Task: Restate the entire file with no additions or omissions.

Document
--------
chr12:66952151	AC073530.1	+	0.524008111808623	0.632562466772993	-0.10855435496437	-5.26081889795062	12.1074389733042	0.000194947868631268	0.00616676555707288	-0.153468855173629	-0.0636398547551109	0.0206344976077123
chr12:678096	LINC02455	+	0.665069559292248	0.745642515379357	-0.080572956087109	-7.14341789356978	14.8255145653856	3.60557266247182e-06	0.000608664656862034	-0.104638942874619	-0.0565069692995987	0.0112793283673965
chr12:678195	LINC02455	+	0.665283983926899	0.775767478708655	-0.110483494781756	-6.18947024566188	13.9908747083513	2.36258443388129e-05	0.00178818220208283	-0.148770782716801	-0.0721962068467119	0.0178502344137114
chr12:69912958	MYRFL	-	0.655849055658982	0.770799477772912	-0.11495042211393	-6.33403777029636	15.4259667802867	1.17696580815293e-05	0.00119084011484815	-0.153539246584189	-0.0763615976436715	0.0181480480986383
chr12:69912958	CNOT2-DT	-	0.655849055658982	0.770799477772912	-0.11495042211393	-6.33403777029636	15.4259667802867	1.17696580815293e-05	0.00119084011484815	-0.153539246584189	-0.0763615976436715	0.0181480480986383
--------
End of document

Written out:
chr12:66952151	AC073530.1	+	0.524008111808623	0.632562466772993	-0.10855435496437	-5.26081889795062	12.1074389733042	0.000194947868631268	0.00616676555707288	-0.153468855173629	-0.0636398547551109	0.0206344976077123
chr12:678096	LINC02455	+	0.665069559292248	0.745642515379357	-0.080572956087109	-7.14341789356978	14.8255145653856	3.60557266247182e-06	0.000608664656862034	-0.104638942874619	-0.0565069692995987	0.0112793283673965
chr12:678195	LINC02455	+	0.665283983926899	0.775767478708655	-0.110483494781756	-6.18947024566188	13.9908747083513	2.36258443388129e-05	0.00178818220208283	-0.148770782716801	-0.0721962068467119	0.0178502344137114
chr12:69912958	MYRFL	-	0.655849055658982	0.770799477772912	-0.11495042211393	-6.33403777029636	15.4259667802867	1.17696580815293e-05	0.00119084011484815	-0.153539246584189	-0.0763615976436715	0.0181480480986383
chr12:69912958	CNOT2-DT	-	0.655849055658982	0.770799477772912	-0.11495042211393	-6.33403777029636	15.4259667802867	1.17696580815293e-05	0.00119084011484815	-0.153539246584189	-0.0763615976436715	0.0181480480986383